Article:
IMF warns of slow growth in Central Asia, Caucasus

October 21, 2016

WASHINGTON (AP) — The International Monetary Fund warned Friday of weak growth prospects in Central Asia and the Caucasus and called for active reforms to energize the post-Soviet economies.

In a report, the 189-nation IMF forecast economic growth in the region in 2016 at just 1.3 percent, the lowest estimate since 1998.

The slowdown is mostly due to low commodity prices that are weighing down energy exporters Azerbaijan, Kazakhstan, Turkmenistan and Uzbekistan. Those economies are expected to grow at an overall rate of 1 percent. Weaker growth by key economic partners Russia and China is also a factor. Energy importers Armenia, Georgia, Kyrgyzstan and Tajikistan are expected to grow 3.7 percent, the same as last year.

Next year, regional growth is forecast at 2.6 percent.

While the IMF noted that the region is suffering from external factors that are outside its control, those trends have only increased the need for robust monetary, financial and structural reforms.

“Policymakers need to take important steps toward promoting strong and inclusive growth and job creation, much needed to preserve and improve living standards,” said Juha Kahkonen, deputy director of the IMF’s Middle East and Central Asia Department.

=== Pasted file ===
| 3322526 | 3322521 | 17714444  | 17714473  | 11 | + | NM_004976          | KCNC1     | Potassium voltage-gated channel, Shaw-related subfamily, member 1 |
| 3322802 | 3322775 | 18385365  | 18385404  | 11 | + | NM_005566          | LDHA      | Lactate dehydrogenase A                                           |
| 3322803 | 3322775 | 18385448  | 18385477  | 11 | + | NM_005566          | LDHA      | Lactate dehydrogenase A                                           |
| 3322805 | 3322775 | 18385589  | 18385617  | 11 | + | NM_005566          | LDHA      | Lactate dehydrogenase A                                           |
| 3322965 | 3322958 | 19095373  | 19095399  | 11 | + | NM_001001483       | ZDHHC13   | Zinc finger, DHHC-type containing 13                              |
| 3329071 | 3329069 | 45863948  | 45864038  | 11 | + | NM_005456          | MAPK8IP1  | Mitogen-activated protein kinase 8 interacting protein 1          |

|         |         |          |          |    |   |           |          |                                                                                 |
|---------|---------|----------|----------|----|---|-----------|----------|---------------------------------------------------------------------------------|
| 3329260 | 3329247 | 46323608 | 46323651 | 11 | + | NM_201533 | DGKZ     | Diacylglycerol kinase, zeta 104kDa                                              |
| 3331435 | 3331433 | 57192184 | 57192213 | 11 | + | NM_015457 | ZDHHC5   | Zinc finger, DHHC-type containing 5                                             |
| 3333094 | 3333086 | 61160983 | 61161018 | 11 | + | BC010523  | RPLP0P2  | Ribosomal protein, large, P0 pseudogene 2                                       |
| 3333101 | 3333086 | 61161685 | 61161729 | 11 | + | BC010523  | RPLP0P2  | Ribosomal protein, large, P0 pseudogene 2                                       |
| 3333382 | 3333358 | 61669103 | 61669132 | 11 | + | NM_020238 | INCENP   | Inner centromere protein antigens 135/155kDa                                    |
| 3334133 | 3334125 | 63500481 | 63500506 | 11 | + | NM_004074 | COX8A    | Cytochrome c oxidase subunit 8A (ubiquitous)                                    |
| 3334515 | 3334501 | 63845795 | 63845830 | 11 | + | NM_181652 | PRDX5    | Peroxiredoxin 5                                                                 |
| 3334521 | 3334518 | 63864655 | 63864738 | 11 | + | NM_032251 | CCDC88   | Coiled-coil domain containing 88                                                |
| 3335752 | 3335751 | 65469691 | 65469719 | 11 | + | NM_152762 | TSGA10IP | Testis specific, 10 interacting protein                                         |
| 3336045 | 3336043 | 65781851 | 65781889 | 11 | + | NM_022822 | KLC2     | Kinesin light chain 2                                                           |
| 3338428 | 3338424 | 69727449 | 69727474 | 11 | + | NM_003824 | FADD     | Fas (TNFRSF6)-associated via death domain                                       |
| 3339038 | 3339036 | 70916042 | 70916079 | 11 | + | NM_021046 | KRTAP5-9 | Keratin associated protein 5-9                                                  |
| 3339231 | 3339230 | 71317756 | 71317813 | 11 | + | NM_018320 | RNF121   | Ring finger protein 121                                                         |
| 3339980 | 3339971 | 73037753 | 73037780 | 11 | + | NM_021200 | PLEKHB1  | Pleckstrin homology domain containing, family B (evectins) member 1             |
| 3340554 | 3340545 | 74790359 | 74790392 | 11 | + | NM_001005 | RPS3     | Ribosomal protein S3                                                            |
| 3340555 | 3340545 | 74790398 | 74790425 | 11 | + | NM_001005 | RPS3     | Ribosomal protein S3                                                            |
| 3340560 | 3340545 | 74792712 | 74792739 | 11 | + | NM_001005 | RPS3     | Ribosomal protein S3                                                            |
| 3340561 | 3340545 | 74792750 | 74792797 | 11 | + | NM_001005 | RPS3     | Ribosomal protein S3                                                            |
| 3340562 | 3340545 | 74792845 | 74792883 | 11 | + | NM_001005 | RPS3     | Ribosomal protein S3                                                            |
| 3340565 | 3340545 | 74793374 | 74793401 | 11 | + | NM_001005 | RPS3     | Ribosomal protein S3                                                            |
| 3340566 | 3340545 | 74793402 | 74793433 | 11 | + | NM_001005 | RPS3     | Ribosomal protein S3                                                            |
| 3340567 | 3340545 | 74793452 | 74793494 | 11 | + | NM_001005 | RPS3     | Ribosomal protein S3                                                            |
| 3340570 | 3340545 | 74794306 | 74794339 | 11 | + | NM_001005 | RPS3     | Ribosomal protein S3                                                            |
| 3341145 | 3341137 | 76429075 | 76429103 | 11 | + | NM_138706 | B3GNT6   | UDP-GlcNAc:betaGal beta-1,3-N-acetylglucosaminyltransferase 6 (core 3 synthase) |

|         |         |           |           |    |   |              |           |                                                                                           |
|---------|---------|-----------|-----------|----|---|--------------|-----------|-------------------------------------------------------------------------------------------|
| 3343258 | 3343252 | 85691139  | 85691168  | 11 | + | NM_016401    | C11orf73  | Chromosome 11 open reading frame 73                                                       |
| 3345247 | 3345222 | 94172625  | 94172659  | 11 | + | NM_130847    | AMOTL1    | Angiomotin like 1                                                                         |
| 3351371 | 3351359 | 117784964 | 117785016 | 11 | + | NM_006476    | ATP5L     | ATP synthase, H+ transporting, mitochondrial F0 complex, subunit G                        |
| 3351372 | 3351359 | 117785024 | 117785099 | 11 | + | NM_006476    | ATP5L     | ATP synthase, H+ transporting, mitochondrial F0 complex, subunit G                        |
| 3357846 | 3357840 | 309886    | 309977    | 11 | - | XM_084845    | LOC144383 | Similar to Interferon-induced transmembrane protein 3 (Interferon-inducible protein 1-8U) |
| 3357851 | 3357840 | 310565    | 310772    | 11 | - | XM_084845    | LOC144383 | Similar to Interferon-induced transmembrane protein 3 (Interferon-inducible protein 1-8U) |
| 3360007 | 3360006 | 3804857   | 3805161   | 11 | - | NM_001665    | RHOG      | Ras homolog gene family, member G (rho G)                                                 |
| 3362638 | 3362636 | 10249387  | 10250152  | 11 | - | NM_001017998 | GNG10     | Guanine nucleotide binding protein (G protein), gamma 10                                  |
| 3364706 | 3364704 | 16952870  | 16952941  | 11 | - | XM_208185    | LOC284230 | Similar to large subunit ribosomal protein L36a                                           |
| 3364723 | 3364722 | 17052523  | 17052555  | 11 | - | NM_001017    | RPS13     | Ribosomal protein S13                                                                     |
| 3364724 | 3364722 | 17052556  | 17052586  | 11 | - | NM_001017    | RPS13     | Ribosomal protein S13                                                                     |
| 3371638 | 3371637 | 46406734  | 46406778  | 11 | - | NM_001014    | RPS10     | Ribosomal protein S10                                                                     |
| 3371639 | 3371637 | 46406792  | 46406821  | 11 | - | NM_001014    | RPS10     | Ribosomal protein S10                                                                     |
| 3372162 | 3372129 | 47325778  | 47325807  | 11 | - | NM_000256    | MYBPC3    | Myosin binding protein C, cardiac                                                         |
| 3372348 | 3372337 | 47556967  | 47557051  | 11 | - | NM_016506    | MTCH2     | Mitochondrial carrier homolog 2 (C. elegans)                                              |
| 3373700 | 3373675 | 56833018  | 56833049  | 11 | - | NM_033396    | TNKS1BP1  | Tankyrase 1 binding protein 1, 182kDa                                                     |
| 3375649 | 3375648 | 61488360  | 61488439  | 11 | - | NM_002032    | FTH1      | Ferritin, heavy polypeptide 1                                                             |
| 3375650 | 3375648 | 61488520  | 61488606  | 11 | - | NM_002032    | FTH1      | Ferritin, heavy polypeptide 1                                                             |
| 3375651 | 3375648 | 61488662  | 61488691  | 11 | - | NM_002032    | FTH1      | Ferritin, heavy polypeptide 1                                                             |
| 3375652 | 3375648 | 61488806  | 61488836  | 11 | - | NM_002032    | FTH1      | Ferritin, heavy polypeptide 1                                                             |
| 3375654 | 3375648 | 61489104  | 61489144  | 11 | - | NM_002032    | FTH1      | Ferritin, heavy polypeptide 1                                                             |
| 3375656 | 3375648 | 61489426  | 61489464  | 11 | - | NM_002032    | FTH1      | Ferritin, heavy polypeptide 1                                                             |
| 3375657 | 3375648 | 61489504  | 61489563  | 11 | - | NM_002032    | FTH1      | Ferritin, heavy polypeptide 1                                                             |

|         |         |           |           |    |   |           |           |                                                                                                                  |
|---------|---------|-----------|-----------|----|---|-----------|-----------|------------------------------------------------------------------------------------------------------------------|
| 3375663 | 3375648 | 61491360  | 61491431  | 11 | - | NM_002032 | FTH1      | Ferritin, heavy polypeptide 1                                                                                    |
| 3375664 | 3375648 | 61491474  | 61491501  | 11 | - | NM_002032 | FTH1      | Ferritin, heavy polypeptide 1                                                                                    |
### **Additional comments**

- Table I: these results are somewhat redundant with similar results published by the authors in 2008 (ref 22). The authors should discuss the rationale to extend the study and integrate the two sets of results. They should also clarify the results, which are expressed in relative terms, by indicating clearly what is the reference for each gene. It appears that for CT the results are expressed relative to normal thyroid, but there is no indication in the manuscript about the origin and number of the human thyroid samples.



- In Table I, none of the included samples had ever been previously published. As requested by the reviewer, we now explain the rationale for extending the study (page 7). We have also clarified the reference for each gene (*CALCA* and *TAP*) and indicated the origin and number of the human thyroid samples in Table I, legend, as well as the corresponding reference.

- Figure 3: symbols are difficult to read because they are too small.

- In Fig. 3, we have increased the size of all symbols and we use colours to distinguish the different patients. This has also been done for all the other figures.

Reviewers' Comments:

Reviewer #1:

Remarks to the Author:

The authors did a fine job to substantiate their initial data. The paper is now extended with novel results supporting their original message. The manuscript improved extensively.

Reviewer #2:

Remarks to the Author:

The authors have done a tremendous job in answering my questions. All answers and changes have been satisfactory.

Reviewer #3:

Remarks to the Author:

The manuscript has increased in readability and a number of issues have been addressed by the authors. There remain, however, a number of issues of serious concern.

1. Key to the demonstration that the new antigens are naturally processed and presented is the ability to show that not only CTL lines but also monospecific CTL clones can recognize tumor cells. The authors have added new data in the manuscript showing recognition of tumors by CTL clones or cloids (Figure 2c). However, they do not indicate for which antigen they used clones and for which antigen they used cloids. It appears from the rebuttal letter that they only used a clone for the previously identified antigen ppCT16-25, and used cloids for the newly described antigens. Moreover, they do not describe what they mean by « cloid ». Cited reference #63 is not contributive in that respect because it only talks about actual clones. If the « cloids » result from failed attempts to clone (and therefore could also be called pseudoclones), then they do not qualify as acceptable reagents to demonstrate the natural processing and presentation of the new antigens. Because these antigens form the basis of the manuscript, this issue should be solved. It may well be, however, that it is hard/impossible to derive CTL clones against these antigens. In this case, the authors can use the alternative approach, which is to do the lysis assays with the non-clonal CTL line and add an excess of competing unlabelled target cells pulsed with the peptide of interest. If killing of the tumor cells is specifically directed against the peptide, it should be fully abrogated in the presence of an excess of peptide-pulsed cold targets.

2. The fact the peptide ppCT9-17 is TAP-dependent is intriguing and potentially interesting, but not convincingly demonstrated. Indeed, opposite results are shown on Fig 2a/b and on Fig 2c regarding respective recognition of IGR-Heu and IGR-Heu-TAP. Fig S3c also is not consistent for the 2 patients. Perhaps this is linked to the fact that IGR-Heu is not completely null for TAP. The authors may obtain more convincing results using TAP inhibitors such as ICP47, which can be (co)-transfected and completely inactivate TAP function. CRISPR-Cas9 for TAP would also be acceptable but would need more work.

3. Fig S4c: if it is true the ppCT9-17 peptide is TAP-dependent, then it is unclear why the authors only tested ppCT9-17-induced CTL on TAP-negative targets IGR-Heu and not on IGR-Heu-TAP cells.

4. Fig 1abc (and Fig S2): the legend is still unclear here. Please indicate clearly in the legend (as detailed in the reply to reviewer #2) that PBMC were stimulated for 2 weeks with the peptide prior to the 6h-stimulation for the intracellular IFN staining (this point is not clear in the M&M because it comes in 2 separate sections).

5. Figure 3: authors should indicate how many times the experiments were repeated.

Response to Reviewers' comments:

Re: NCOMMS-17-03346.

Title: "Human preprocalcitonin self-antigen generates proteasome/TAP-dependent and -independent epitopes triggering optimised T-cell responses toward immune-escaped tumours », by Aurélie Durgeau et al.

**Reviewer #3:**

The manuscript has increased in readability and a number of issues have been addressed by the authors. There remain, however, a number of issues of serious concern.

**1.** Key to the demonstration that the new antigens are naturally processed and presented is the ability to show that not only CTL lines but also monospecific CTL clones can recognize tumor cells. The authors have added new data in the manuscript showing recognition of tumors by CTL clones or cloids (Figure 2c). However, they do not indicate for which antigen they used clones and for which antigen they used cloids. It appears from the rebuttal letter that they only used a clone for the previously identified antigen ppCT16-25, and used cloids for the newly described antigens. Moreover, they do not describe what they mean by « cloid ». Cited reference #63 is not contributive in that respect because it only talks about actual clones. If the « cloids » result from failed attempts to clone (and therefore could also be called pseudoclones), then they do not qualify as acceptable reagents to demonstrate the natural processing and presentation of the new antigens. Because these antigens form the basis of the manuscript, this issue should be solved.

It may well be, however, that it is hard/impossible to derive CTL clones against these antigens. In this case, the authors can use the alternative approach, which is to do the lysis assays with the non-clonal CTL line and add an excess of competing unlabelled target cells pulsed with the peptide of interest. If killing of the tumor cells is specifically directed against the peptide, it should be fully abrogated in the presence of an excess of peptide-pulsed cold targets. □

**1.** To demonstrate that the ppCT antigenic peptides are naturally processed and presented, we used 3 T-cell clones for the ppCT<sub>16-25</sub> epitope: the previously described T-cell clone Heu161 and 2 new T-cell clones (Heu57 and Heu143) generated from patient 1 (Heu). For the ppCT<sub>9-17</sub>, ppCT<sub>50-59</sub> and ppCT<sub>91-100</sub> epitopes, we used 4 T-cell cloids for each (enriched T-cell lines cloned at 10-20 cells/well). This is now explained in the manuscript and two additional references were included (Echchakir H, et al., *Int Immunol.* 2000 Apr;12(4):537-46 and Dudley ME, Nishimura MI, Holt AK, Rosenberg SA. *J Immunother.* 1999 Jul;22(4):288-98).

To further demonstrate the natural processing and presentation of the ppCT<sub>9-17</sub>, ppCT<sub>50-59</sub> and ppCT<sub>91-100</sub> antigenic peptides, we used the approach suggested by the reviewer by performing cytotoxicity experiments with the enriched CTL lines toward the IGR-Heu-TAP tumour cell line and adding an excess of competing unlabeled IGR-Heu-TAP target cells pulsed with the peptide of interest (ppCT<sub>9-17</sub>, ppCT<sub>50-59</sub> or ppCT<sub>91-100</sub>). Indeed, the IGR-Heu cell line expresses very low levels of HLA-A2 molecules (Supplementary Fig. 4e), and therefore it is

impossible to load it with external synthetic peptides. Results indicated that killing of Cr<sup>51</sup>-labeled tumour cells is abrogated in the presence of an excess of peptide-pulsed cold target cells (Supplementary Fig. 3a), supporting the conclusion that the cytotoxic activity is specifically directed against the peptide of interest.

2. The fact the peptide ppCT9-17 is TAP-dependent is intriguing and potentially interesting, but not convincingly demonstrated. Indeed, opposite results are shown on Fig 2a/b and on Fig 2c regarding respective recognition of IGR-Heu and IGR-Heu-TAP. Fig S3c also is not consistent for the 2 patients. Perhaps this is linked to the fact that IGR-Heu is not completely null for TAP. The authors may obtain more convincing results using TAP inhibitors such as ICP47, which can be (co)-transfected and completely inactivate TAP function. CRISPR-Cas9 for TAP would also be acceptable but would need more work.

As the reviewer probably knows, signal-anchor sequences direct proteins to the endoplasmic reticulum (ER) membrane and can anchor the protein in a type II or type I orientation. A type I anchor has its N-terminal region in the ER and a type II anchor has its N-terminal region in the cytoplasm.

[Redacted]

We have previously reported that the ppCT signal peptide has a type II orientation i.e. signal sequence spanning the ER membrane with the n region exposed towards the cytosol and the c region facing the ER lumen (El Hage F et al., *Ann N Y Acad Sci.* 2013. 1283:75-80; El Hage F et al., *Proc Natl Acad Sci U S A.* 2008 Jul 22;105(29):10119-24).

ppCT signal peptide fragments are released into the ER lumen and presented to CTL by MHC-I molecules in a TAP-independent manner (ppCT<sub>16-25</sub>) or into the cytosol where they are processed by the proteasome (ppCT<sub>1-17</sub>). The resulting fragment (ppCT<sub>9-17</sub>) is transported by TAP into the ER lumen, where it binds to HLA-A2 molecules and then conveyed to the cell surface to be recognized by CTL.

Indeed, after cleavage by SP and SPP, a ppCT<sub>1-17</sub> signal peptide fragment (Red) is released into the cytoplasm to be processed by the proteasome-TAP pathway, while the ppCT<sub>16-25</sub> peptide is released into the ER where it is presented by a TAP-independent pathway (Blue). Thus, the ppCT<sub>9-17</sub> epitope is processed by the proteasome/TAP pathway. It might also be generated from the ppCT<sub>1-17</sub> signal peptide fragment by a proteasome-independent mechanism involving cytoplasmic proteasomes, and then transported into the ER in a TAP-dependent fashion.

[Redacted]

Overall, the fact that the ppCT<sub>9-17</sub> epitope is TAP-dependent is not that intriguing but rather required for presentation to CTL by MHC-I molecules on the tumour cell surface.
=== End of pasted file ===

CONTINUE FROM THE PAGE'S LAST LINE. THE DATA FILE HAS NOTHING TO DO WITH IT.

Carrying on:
“The protracted nature of these shocks underlines the pressing need to diversify those economies away from their dependence on remittances and commodity exports, so they can more effectively cope with the kinds of economic challenges they’re currently facing,” Kakhkonen said.

The fund urged regional governments to direct federal spending to education, training and health care in order to fuel economic growth. It also stressed the importance of good governance, accountably and property rights.

“The success of these measures will allow the region to enjoy more sustained and inclusive growth, which will improve living standards and lower poverty rates,” Kahkonen said.

Earlier this month, global finance leaders complained that “growth has been too low for too long, benefiting too few,” and warned that a backlash against globalization was on the rise.

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